Ter­mi­na­tor Genisys

Kyle be back

SFX: The Sci-Fi and Fantasy Magazine - - Rated / Cinema - James Mottram

Re­lease Date: OUT NOW! 12A | 126 min­utes Di­rec­tor: Alan Tay­lor Cast: Arnold Sch­warzeneg­ger, Emilia Clarke, Jason Clarke, Jai Court­ney, JK Sim­mons, Matt Smith

“Time travel makes my head hurt,” yells Kyle Reese, mid­way through the mind- bending Ter­mi­na­tor Genisys. He won’t be the only one. With an al­ter­nate timeline wip­ing out most of what you know about Skynet, Sarah Con­nor and those deadly Ter­mi­na­tors, this fifth in­stal­ment is easily the most head- scratch­ing of a fran­chise al­ready built on Möbius- strip logic. But, with the welcome re­turn of Arnold Sch­warzeneg­ger, this Alan Tay­lor- di­rected ef­fort is a vast im­prove­ment on 2009’ s Ter­mi­na­tor Sal­va­tion and 2003’ s Ter­mi­na­tor 3: Rise Of The Ma­chines.

We be­gin with Reese ( Jai Court­ney) re­cap­ping: how de­fence pro­gram Skynet went sen­tient, how Judge­ment Day came in 1997, how the ma­chines took over, how the hu­mans fought back. The year is now 2029, and trusty lieu­tenant Reese vol­un­teers to time travel back to 1984 to pro­tect the fu­ture mother of John Con­nor ( Jason Clarke), leader of the re­sis­tance, af­ter Skynet sends a T- 800 Ter­mi­na­tor ( Arnold Sch­warzeneg­ger, de- wrin­kled thanks to dig­i­tal trick­ery) back to kill her.

So far, so James Cameron – but that’s where the sim­i­lar­i­ties to the 1984 clas­sic end. When Reese ar­rives back in the mid-’ 80s ( naked, of course), things ain’t how you re­mem­ber them. For starters, John Con­nor’s mother Sarah ( Emilia Clarke) is well aware of the Ter­mi­na­tors, un­like Linda Hamil­ton’s Sarah in the orig­i­nal. She even has her own age­ing T- 800 ( Arnie, again) – or “Pops” as she calls him – to pro­tect her. Turns out he was sent back to 1973, when she was nine, to look af­ter her, stay­ing with her ever since.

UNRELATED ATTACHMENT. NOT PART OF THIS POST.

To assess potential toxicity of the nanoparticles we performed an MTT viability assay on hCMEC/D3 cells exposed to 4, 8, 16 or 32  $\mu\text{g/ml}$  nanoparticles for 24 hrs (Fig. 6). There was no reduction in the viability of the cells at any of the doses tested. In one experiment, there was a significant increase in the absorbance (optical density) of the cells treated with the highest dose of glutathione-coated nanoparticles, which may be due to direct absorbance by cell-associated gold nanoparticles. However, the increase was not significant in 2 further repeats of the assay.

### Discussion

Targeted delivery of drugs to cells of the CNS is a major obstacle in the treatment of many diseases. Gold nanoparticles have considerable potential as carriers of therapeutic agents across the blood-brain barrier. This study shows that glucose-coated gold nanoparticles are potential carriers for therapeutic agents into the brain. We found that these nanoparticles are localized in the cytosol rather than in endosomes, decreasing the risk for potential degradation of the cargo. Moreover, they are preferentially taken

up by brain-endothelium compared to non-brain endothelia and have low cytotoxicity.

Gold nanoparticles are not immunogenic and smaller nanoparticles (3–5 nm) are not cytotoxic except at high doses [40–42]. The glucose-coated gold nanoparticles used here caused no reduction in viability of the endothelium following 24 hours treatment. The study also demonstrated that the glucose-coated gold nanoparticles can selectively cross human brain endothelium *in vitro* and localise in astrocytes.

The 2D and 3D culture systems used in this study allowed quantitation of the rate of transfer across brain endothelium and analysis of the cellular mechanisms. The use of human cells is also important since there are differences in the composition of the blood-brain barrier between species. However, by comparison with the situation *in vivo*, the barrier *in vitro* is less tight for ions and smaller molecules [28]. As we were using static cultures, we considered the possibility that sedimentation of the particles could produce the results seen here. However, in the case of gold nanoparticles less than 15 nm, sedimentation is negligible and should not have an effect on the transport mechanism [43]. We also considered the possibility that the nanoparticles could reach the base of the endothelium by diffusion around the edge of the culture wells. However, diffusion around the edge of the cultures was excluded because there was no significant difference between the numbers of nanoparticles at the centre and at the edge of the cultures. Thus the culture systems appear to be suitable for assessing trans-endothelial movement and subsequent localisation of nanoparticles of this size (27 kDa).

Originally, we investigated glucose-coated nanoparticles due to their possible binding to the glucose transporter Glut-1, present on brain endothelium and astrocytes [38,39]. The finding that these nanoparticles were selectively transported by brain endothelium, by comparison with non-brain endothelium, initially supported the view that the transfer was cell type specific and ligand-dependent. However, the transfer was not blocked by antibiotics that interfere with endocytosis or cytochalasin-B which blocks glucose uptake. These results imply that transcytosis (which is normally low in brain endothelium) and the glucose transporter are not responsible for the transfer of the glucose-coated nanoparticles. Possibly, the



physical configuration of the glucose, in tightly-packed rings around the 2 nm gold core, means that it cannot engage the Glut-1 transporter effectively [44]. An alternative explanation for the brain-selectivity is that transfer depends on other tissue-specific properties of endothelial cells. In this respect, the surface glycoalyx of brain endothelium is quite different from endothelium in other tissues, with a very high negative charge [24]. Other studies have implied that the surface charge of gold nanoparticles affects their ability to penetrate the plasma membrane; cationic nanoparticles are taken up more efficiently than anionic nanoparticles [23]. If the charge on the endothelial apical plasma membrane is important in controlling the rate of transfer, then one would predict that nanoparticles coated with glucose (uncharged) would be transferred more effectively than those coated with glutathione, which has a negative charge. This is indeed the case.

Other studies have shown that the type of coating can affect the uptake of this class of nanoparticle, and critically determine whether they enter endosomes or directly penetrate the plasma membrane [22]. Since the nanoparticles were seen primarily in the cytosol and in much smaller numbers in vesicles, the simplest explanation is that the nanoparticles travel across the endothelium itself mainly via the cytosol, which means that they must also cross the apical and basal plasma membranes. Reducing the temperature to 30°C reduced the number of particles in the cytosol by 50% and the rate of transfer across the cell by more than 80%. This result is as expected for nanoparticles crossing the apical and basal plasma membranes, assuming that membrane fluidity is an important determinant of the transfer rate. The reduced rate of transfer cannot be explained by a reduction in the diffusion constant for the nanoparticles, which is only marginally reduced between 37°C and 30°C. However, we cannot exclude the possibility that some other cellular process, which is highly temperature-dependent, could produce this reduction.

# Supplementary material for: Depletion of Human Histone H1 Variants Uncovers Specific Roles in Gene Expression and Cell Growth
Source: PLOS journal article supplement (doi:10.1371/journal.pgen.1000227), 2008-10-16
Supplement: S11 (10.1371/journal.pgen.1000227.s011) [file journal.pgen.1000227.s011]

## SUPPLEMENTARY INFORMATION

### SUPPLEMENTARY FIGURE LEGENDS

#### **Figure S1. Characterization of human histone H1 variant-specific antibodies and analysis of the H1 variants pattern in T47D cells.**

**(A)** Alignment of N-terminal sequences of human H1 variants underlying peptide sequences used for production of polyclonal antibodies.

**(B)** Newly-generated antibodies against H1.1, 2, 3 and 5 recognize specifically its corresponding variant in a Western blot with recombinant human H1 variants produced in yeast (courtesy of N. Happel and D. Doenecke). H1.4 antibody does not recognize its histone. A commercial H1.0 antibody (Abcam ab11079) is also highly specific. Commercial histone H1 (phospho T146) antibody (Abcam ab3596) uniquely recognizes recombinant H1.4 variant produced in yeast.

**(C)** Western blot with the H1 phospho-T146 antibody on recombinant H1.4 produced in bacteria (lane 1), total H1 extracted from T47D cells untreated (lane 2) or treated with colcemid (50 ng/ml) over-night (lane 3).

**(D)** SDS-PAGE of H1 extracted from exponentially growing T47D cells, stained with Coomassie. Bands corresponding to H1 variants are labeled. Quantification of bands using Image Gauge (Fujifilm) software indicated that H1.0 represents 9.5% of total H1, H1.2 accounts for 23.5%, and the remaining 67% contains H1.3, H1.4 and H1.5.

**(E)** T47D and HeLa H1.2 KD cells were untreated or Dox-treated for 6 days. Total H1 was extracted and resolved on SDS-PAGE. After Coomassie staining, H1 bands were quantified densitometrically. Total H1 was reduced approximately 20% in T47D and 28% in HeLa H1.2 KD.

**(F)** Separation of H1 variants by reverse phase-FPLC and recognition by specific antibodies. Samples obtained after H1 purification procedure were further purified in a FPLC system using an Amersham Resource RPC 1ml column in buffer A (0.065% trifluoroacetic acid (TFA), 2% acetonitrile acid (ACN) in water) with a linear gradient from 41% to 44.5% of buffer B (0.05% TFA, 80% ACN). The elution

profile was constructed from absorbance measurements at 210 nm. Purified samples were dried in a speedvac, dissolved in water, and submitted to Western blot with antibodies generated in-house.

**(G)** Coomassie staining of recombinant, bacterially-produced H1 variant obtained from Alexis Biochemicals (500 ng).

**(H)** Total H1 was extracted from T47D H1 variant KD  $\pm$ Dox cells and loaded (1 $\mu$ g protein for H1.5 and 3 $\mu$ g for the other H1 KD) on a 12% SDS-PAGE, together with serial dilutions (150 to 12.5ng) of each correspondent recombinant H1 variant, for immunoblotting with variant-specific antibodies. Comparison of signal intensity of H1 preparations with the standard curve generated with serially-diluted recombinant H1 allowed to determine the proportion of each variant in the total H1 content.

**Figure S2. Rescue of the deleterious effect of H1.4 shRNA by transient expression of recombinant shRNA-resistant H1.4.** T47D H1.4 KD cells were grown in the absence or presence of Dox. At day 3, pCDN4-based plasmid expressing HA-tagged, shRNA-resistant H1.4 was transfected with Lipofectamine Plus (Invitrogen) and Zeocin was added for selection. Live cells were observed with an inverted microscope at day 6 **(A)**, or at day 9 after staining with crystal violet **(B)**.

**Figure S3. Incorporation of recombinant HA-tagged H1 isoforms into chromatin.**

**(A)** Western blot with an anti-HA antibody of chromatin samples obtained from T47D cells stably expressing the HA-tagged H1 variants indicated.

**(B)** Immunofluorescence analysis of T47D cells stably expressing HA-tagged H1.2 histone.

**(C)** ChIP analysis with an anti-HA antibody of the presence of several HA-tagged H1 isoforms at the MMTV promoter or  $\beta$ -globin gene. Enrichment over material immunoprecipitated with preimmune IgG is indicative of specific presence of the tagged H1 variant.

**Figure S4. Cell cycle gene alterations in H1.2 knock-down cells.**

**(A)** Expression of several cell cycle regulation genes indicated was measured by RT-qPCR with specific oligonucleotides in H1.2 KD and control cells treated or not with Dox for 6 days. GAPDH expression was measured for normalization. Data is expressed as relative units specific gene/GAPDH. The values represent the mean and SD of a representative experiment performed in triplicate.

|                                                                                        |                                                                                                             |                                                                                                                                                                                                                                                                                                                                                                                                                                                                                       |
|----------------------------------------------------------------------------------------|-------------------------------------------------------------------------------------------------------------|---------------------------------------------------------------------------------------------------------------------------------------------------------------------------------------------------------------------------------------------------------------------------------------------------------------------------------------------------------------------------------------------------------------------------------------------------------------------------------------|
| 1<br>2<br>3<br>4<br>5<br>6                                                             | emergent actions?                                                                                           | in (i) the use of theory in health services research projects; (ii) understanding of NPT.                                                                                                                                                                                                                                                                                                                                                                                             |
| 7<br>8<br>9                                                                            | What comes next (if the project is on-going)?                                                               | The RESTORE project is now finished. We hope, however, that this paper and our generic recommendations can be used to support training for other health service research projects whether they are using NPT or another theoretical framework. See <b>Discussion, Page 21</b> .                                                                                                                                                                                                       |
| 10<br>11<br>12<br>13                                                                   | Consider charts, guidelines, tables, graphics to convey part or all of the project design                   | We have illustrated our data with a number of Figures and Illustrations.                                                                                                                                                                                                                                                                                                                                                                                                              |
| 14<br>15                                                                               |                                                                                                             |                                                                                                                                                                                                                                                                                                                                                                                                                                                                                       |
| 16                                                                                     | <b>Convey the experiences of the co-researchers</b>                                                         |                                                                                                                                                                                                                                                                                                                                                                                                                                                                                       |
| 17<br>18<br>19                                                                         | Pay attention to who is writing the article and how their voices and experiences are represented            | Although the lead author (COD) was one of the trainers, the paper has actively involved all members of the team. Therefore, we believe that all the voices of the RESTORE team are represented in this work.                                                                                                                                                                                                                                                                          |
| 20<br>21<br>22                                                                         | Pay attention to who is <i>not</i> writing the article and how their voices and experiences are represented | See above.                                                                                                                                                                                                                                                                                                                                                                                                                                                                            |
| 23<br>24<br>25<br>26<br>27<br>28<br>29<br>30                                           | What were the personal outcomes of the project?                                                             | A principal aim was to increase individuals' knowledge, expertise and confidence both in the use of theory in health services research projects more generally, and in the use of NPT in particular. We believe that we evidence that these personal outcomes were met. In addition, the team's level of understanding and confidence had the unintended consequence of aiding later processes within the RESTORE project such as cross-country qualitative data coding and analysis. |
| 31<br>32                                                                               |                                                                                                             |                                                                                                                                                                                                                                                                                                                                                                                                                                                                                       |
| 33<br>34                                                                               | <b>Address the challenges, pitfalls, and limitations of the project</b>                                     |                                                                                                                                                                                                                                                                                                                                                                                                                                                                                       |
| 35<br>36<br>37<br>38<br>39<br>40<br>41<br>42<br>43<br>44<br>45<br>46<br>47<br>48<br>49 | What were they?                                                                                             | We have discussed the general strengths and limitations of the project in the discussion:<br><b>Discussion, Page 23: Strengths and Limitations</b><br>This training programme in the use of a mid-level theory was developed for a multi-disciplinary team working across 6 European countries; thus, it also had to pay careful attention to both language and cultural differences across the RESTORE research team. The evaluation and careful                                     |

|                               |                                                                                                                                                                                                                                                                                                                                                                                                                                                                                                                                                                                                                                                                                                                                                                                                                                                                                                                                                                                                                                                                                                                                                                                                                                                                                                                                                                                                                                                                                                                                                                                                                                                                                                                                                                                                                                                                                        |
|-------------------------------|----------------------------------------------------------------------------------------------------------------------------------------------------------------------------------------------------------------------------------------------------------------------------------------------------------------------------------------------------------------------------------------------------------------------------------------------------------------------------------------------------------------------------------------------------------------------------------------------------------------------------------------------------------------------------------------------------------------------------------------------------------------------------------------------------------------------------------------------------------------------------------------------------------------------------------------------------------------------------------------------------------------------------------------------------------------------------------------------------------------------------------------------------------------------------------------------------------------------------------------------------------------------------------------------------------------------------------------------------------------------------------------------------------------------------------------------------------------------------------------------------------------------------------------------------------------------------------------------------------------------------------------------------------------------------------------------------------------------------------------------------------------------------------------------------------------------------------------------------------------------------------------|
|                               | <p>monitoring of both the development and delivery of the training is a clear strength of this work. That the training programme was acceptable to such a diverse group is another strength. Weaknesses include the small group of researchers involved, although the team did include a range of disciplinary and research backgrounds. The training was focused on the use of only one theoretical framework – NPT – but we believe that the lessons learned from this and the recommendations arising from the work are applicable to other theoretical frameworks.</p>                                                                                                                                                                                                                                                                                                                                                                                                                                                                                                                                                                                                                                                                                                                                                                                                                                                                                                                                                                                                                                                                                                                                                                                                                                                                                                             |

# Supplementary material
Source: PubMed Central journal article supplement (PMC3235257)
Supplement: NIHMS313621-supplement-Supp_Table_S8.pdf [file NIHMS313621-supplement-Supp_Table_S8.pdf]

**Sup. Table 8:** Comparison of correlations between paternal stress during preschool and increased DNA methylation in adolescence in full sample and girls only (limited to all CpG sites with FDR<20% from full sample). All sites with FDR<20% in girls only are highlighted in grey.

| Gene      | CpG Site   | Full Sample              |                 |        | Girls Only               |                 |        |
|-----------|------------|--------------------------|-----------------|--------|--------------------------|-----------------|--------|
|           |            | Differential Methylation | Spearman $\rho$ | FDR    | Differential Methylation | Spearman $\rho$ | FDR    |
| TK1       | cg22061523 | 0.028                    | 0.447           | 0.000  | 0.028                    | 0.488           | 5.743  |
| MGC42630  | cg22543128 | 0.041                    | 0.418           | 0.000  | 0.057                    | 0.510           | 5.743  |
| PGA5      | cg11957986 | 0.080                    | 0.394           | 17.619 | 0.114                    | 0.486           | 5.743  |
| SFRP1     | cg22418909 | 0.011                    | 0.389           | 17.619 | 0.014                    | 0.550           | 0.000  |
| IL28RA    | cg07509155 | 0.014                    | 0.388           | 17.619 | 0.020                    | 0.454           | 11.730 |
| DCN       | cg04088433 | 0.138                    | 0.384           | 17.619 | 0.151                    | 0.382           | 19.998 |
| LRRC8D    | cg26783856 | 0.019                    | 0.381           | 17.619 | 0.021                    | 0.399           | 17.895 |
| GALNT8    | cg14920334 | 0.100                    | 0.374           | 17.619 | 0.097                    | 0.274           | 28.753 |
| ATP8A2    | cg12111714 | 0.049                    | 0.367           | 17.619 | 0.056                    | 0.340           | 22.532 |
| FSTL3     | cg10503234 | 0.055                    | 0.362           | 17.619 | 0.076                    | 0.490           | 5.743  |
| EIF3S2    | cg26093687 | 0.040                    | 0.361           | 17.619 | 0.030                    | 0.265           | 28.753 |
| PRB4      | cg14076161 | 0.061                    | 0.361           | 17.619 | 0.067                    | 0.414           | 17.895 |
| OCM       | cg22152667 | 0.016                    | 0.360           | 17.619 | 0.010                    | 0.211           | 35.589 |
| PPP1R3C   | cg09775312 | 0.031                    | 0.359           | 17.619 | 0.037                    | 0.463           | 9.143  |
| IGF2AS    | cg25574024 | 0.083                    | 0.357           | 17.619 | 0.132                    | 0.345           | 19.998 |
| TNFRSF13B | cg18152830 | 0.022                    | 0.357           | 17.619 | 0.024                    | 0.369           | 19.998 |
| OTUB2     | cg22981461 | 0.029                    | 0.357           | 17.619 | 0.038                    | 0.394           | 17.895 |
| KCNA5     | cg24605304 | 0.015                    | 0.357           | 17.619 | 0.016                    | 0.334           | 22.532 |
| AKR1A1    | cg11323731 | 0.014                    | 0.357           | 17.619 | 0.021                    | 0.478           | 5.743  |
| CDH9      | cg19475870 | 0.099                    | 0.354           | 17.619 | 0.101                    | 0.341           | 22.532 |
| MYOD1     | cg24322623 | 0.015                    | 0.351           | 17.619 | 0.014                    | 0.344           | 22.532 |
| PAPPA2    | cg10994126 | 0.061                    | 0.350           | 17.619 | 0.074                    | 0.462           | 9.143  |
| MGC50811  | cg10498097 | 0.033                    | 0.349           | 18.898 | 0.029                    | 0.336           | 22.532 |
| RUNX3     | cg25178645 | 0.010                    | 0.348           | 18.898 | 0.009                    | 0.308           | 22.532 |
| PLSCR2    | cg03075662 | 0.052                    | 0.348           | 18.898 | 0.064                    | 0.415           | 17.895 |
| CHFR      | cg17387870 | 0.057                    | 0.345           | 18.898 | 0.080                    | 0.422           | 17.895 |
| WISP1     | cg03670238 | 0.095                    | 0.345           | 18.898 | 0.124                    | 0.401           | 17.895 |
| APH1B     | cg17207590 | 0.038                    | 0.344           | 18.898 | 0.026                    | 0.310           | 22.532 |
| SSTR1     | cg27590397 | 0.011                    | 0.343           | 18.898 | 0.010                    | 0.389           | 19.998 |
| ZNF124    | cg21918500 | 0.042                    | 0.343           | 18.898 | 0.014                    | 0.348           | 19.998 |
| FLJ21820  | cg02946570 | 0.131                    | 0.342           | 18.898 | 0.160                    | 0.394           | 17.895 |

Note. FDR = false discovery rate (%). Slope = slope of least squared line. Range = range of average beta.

While Sarah and Arnie’s T- 800 des­patch the younger Ter­mi­na­tor that’s come back through time, there’s another prob­lem: a shapeshift­ing T- 1000 ( I Saw The Devil’s Byung- hun Lee, who’s ex­cel­lent), even dressed as a cop to re­mind us of Robert Pa­trick’s liq­uid- me­tal Ter­mi­na­tor in Cameron’s 1991 barom­e­ter- set­ting T2. As the trio fight off the T- 1000, the first third is re­lent­less, play­ing out on free­ways and in cop shops, shop­ping malls and aban­doned fac­to­ries.

But then the plot re­ally thick­ens. The twist – or one of them – is that Genisys is re­ally Kyle Reese’s story. This time, the pro­tec­tor of Sarah Con­nor – who is sent back in time by her son John to ul­ti­mately fa­ther him – is hav­ing flash­backs to a sun­dap­pled past he never knew. In this timeline, Judge­ment Day never hap­pened. But Genisys will. “The ul­ti­mate killer app”, it’s a Skynet­spon­sored Tro­jan Horse, set to launch in 2017, to link all our gad­gets and leave users vul­ner­a­ble to at­tack.